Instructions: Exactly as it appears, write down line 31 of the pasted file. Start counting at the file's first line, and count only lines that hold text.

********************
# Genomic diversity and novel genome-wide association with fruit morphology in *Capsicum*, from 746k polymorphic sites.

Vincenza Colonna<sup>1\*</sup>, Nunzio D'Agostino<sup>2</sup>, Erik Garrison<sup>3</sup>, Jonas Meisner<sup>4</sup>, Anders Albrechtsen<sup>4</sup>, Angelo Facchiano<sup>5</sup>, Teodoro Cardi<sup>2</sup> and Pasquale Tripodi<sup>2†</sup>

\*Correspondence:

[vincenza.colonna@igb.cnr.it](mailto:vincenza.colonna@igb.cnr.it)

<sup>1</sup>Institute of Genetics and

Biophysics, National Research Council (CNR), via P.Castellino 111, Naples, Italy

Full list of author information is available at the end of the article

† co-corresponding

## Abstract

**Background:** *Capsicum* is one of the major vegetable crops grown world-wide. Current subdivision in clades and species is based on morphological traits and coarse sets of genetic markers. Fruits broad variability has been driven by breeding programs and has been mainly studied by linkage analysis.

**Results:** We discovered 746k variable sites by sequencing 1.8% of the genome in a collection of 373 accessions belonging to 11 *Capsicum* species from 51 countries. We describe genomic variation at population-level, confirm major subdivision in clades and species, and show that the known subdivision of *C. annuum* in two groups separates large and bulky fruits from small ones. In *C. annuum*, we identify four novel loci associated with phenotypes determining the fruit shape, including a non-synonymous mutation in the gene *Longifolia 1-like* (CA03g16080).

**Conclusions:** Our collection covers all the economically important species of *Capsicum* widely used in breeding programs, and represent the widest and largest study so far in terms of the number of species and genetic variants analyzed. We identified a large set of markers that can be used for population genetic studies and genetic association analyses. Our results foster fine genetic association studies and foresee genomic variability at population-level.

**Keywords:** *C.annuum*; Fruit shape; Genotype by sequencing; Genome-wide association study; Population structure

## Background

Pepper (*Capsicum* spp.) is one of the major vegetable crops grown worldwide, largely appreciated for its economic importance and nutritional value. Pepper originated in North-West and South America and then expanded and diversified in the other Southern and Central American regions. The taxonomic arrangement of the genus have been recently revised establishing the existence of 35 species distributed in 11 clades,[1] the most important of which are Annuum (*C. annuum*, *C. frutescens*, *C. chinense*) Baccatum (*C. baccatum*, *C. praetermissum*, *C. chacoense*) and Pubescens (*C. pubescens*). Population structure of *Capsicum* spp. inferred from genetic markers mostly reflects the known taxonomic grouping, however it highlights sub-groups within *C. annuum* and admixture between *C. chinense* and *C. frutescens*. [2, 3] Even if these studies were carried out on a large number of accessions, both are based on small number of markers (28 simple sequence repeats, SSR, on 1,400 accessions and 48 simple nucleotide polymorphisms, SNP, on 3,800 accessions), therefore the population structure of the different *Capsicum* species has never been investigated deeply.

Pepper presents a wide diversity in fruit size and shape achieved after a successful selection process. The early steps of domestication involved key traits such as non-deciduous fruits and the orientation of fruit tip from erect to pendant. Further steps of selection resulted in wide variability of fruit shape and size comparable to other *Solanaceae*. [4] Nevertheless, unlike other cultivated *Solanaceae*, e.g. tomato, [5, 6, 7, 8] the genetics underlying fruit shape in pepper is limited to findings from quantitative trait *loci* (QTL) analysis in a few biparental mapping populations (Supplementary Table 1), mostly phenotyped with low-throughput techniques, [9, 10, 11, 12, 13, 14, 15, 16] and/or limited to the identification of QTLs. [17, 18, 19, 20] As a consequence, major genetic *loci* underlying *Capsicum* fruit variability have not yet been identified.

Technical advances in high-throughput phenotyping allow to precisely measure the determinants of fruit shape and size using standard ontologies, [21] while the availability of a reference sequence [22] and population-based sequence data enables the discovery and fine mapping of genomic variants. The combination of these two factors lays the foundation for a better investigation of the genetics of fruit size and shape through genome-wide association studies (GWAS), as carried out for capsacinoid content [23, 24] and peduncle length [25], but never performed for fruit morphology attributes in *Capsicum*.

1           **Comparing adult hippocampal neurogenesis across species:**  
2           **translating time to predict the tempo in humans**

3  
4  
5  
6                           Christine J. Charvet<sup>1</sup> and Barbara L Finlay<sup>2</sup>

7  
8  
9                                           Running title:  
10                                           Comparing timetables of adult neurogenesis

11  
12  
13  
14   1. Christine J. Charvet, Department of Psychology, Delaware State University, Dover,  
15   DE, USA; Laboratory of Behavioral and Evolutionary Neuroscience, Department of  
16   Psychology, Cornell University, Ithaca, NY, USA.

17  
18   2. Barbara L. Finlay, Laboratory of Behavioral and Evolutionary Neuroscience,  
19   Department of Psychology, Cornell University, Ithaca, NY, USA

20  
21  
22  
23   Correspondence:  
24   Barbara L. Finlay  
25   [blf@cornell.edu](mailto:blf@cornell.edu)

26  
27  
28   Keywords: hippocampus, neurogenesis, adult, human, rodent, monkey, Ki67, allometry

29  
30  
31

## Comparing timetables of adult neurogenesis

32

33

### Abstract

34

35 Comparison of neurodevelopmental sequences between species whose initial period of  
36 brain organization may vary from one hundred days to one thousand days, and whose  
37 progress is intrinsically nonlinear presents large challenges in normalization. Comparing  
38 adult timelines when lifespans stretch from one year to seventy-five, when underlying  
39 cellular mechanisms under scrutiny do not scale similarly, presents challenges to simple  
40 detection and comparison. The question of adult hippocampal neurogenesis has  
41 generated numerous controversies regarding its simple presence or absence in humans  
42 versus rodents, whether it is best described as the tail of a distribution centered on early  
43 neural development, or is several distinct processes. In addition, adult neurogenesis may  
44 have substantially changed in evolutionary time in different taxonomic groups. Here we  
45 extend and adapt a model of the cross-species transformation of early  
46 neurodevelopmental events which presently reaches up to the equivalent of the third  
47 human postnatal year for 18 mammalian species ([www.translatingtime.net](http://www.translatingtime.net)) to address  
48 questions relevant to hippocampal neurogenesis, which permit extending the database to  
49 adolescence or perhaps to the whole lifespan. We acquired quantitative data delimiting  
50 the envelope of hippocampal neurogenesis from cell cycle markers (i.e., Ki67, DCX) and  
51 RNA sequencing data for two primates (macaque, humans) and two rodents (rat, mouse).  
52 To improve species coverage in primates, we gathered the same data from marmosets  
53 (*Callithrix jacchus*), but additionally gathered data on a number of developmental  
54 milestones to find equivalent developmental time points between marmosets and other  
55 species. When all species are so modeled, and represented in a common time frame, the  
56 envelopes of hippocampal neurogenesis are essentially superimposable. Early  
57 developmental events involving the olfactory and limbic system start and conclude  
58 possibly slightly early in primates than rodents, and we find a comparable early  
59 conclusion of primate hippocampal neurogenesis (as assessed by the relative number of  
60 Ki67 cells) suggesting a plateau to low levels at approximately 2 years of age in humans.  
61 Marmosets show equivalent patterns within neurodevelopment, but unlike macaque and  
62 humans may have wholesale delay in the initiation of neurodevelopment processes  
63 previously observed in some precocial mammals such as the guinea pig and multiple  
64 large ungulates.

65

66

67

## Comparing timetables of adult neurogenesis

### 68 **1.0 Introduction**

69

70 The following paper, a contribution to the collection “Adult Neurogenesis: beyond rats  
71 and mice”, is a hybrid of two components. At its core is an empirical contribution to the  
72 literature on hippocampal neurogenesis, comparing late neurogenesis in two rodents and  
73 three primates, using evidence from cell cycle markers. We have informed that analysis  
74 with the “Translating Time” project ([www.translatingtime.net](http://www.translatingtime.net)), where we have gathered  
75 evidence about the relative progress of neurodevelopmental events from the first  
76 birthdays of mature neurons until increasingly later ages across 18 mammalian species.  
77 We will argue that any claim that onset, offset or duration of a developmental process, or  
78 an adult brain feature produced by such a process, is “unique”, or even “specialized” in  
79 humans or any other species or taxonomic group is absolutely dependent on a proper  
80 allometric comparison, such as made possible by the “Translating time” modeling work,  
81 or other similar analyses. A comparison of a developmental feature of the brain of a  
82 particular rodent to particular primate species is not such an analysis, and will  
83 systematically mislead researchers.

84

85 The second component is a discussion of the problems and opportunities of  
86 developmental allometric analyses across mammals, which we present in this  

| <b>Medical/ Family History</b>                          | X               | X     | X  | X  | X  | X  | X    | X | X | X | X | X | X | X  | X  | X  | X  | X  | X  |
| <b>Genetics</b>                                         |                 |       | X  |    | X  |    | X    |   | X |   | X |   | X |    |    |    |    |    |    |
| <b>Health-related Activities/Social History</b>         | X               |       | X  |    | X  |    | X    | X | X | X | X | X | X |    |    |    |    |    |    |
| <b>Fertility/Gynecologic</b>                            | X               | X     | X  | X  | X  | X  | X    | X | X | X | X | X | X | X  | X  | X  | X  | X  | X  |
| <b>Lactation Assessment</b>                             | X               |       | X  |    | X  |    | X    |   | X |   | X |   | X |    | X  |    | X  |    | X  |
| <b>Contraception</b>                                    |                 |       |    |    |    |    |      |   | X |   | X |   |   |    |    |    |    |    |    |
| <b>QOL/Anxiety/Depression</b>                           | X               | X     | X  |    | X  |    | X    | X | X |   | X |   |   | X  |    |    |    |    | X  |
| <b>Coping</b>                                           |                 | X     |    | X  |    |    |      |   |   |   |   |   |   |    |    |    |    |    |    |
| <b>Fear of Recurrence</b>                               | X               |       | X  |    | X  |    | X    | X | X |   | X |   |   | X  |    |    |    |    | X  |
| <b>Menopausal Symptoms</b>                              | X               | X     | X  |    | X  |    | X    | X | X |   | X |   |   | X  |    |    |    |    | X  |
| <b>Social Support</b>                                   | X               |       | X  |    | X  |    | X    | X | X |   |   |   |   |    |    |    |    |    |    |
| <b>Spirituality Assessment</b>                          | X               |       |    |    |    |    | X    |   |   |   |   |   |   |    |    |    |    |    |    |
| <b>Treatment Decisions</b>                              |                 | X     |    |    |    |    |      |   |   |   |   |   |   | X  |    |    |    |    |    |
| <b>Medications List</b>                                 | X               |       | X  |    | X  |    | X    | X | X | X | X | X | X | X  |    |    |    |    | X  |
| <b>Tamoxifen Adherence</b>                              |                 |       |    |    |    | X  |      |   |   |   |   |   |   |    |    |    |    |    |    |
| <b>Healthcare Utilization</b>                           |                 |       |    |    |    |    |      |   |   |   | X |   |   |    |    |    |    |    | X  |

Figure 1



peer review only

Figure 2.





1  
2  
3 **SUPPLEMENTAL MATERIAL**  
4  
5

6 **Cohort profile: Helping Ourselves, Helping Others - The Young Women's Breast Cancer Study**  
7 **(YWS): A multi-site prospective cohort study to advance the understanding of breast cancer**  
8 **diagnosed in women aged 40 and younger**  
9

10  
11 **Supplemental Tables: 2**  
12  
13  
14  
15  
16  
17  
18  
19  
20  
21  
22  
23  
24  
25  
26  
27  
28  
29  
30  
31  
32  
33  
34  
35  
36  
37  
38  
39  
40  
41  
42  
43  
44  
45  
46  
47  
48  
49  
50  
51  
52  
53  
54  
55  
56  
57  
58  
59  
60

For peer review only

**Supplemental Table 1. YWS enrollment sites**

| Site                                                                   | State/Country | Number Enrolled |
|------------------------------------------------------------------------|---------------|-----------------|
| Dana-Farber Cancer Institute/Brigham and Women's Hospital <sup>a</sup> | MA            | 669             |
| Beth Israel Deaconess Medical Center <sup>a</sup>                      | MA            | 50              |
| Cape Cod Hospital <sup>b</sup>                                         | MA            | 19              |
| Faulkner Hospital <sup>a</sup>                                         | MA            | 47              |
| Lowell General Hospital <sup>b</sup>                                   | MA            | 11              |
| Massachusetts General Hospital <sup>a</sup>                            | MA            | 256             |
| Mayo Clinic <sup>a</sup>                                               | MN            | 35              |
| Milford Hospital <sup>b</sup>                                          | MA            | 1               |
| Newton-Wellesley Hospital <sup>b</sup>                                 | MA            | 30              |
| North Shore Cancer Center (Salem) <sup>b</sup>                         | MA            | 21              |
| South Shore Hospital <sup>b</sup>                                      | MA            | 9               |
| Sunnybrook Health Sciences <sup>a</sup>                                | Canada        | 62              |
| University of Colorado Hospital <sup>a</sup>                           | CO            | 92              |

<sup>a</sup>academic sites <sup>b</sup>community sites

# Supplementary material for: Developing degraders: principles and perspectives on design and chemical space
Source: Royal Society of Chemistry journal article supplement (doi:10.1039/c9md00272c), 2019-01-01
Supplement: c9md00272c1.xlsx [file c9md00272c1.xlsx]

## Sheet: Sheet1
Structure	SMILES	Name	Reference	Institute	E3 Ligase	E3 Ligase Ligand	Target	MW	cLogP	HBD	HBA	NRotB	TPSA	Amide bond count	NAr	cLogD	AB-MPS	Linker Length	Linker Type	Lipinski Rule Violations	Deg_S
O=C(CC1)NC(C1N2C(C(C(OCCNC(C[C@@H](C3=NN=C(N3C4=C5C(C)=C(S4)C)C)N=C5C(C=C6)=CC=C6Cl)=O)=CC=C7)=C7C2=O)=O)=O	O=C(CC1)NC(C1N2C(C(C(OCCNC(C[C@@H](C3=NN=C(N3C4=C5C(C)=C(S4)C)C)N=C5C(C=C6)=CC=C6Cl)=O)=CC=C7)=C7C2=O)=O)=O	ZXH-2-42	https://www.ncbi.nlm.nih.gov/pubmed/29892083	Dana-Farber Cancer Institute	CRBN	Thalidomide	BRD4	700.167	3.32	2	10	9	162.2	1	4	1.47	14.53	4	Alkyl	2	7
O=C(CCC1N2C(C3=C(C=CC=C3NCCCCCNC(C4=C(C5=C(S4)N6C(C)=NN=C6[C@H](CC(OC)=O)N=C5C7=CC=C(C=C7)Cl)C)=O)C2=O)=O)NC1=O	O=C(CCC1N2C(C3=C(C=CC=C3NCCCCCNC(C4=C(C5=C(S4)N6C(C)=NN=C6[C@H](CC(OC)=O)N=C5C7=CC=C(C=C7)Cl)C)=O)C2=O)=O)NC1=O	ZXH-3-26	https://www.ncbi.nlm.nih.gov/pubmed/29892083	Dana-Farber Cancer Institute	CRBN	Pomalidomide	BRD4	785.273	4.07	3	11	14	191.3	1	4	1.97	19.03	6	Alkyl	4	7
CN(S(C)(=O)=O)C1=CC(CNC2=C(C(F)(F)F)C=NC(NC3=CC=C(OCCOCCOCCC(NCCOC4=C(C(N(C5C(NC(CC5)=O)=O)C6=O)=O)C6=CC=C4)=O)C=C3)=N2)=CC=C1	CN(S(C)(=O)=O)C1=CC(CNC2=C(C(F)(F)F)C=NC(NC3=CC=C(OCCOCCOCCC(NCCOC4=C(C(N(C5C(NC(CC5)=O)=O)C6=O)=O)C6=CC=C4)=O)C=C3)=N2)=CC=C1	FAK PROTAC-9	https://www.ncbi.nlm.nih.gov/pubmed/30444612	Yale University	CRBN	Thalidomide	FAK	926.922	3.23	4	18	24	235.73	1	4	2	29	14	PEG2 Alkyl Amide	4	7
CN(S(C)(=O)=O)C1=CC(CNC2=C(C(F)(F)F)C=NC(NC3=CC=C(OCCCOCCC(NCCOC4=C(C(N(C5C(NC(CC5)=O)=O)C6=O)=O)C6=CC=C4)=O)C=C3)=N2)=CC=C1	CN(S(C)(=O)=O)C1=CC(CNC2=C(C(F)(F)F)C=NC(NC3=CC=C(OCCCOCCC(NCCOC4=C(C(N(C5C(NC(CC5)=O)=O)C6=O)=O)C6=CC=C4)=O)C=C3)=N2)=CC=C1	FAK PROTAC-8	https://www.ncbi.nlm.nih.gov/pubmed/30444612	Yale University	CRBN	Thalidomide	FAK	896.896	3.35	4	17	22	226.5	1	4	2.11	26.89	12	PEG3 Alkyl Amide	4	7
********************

14   1. Christine J. Charvet, Department of Psychology, Delaware State University, Dover,  